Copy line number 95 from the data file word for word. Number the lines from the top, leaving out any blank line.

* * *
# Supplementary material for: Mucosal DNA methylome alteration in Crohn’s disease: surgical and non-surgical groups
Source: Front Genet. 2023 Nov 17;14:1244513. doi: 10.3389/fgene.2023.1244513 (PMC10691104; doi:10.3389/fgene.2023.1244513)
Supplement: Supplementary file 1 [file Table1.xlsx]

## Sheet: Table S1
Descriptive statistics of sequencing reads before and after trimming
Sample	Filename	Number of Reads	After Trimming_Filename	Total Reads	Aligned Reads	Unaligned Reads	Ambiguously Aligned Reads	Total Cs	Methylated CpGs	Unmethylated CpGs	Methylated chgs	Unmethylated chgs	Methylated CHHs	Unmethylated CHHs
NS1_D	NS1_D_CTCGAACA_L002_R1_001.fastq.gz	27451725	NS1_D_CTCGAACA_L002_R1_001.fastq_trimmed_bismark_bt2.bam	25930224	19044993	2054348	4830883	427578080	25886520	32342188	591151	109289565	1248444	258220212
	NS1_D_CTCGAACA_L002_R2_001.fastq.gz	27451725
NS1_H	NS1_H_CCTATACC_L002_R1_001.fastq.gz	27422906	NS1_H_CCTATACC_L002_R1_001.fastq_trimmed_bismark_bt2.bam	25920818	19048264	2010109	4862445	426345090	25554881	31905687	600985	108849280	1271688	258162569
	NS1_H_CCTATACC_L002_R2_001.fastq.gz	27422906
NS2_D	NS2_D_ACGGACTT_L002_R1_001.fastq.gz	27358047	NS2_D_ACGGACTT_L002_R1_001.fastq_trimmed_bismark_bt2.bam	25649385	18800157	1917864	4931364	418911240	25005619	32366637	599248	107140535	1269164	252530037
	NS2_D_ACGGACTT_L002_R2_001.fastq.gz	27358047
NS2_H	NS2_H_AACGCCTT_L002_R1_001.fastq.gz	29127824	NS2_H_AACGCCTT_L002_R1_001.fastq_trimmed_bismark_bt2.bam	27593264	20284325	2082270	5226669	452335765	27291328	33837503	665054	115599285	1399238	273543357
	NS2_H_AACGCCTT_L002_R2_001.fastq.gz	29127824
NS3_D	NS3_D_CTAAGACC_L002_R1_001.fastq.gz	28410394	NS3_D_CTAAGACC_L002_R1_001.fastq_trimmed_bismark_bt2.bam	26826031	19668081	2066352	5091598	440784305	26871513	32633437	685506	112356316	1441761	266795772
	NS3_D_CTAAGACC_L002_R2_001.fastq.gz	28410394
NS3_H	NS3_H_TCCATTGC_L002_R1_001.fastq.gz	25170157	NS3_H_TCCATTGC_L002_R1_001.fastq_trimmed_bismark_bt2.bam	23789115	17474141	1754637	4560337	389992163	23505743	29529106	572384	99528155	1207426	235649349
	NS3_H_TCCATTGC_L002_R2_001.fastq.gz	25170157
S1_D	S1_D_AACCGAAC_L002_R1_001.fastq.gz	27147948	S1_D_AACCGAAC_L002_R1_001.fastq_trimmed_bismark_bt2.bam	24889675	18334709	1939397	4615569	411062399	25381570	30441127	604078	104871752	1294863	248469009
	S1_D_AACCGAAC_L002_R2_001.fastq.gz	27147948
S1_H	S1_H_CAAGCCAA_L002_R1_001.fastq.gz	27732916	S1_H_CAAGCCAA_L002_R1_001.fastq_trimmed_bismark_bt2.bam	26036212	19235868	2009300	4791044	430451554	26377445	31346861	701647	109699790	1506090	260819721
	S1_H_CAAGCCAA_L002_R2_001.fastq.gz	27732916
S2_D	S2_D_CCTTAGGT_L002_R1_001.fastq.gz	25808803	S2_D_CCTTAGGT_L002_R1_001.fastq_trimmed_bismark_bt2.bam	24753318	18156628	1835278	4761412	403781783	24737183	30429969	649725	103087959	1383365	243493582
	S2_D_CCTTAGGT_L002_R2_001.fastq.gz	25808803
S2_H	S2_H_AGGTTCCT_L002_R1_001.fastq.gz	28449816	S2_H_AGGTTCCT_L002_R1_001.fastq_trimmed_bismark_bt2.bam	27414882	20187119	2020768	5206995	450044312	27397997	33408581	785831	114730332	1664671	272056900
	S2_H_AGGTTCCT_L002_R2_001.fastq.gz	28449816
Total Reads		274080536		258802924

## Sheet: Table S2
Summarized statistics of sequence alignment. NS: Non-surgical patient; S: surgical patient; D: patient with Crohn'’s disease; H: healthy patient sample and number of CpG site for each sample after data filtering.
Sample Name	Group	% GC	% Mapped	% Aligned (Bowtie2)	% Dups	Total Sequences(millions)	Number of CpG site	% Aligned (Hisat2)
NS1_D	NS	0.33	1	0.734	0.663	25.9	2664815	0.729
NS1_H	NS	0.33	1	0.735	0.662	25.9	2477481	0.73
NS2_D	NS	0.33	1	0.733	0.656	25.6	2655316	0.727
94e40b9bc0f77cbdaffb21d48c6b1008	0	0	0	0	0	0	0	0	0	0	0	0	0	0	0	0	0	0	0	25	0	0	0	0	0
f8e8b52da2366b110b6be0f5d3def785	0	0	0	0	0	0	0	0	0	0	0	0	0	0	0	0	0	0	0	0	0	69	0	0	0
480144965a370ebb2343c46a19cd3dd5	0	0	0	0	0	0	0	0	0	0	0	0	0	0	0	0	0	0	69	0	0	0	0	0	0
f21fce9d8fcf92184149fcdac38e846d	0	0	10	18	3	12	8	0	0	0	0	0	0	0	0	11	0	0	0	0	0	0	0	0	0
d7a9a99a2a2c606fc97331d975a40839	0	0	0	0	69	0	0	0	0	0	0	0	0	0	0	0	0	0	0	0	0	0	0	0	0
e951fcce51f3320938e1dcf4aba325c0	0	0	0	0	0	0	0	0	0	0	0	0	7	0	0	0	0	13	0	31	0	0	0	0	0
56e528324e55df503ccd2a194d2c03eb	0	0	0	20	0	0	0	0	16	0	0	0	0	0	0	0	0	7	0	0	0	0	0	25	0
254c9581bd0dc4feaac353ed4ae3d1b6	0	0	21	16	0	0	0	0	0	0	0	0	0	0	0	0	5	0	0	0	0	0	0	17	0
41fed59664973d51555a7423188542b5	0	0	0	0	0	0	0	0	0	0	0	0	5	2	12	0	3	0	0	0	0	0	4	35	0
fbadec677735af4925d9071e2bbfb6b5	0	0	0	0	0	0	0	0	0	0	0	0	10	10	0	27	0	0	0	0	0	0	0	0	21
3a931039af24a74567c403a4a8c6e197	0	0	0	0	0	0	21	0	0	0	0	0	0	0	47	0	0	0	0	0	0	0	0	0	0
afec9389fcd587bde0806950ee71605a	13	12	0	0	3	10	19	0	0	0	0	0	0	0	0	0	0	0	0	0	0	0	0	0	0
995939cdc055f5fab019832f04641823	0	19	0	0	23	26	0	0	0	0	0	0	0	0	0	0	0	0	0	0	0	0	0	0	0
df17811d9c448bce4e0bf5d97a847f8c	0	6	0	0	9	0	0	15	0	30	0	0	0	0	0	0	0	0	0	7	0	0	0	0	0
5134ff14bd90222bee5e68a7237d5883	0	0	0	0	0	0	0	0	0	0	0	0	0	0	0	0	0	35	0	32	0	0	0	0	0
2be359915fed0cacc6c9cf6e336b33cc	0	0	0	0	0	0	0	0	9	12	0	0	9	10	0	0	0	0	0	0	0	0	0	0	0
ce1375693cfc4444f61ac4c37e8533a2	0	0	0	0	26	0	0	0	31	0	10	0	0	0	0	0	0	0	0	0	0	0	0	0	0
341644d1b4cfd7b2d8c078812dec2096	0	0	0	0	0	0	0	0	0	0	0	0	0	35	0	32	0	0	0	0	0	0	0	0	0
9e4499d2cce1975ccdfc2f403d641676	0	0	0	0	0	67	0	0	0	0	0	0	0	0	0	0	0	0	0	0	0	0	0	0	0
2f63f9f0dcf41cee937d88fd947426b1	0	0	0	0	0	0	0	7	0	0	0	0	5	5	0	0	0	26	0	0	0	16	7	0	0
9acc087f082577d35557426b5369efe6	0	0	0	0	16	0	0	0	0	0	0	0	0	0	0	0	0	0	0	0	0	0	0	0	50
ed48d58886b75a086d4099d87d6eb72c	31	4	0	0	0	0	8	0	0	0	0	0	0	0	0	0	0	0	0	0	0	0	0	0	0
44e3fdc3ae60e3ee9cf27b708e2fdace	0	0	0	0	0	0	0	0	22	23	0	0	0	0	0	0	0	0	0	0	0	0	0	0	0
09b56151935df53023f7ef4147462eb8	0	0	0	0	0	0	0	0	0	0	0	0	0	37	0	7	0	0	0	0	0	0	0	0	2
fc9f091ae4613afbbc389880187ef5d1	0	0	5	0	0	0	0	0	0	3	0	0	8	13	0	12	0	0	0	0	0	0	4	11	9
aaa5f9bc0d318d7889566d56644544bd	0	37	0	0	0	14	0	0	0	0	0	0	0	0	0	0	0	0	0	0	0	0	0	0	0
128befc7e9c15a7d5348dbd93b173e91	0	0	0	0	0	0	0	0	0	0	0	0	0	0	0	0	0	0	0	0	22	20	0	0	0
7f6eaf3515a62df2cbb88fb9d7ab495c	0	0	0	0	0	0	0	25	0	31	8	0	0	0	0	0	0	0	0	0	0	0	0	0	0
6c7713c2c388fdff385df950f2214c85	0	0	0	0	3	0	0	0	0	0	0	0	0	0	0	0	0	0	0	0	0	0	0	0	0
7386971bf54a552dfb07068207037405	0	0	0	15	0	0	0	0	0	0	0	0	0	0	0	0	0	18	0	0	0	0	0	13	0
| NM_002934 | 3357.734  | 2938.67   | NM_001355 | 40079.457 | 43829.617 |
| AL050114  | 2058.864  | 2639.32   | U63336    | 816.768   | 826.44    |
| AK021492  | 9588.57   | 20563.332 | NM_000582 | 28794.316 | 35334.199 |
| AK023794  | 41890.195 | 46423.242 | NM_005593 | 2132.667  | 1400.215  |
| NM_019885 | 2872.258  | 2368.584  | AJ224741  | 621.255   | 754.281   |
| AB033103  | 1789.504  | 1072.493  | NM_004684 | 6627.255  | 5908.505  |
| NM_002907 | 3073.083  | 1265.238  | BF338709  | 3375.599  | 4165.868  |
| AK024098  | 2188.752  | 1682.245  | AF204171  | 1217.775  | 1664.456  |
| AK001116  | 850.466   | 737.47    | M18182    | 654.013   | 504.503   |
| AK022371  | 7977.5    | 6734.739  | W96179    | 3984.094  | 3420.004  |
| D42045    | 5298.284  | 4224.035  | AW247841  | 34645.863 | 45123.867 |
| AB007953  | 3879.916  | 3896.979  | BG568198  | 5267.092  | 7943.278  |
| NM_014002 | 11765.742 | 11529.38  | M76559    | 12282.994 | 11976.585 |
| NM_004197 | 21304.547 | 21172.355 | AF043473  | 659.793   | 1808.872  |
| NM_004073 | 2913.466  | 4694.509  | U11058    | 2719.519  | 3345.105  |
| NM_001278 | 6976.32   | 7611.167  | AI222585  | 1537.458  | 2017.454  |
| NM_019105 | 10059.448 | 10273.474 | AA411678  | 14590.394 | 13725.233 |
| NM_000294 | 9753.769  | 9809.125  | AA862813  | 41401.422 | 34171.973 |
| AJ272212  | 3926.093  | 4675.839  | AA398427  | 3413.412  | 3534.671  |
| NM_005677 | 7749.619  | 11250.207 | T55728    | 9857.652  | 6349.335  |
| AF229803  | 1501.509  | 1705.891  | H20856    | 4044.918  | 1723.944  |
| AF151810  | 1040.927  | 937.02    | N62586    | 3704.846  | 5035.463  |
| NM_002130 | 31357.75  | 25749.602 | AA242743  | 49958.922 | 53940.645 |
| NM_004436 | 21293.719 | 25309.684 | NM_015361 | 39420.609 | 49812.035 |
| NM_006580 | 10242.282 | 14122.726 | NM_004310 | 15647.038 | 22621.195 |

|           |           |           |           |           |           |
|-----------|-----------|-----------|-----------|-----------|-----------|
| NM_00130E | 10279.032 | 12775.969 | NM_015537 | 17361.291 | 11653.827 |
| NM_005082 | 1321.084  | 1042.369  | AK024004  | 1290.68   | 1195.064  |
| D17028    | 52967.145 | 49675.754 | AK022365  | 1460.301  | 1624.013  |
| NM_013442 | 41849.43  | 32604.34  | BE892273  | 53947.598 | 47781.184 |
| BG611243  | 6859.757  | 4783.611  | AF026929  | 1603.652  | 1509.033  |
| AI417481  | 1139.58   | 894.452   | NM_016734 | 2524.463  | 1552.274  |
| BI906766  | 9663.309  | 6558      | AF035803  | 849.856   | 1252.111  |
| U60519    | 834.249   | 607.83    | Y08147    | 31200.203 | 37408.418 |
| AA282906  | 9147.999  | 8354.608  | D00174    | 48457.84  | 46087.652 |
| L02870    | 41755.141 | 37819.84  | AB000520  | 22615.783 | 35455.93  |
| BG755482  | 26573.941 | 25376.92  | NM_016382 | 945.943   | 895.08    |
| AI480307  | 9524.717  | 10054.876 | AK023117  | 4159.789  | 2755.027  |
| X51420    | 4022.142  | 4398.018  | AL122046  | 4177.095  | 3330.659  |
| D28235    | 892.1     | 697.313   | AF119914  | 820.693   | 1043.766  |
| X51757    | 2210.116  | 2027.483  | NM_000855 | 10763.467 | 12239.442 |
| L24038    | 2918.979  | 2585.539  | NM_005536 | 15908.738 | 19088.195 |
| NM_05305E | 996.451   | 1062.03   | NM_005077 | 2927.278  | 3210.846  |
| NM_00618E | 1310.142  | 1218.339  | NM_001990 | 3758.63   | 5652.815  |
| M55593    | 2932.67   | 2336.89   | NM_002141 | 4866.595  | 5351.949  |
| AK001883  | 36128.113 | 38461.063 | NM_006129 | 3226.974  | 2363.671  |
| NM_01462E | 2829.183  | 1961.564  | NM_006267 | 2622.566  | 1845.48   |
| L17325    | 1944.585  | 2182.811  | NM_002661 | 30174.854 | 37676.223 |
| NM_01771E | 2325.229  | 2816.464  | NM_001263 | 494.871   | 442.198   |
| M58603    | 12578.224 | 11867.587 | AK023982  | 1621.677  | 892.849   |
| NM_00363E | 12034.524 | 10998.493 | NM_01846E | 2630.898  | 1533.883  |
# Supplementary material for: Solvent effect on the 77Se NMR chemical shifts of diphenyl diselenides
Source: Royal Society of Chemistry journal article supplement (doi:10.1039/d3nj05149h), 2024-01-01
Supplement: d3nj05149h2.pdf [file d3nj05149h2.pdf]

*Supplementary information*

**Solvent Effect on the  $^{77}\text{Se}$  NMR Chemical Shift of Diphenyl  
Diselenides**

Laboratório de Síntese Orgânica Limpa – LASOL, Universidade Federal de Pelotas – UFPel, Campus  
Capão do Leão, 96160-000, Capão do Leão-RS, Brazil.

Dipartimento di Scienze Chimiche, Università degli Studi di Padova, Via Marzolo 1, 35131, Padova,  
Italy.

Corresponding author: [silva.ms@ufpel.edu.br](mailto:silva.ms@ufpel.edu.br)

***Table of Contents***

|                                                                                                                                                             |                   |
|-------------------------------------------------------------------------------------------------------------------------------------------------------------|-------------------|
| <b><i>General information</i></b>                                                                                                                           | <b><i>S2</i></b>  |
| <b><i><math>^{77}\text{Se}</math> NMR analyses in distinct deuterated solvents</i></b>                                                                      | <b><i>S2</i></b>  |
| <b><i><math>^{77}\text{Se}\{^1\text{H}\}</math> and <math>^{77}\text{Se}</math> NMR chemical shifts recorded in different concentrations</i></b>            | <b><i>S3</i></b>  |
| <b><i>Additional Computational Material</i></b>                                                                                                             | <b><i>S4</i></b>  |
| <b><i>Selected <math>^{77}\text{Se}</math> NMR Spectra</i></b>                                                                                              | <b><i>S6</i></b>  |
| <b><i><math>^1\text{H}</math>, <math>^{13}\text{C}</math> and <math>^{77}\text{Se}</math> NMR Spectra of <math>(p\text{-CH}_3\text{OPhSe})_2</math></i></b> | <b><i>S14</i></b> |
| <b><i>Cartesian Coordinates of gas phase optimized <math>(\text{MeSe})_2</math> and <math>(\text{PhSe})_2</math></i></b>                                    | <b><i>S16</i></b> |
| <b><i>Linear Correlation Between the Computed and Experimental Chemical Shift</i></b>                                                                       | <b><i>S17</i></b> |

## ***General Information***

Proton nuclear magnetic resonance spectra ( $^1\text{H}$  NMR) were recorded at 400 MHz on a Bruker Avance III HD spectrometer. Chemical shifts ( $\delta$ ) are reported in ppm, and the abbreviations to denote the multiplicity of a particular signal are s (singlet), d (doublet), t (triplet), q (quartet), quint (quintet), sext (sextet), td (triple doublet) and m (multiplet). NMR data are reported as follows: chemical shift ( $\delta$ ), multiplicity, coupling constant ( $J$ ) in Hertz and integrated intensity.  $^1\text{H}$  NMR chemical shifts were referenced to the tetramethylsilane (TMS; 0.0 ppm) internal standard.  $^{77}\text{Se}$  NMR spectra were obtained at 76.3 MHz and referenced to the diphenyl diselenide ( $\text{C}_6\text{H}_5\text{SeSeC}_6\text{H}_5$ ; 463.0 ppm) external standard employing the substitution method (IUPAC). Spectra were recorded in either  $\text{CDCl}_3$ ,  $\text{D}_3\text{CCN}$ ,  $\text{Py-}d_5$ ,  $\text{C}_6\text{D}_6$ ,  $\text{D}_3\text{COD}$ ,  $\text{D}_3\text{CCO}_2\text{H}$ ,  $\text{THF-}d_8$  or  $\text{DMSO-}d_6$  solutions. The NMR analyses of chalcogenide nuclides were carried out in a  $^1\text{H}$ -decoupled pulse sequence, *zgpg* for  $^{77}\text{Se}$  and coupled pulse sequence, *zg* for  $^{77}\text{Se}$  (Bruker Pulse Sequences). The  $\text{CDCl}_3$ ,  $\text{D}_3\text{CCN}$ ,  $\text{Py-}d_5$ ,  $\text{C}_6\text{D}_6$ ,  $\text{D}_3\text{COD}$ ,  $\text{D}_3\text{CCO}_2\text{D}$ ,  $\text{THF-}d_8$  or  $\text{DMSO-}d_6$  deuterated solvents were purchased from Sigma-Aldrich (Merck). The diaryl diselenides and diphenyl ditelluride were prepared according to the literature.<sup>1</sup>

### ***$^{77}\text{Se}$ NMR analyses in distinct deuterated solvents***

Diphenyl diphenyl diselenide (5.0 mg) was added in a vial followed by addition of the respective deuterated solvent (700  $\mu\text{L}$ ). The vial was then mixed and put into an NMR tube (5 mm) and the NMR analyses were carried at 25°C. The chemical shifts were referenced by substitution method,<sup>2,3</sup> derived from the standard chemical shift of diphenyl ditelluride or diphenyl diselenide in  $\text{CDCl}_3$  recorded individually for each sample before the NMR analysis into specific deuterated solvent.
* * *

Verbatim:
| BG611243  | 6859.757  | 4783.611  | AF026929  | 1603.652  | 1509.033  |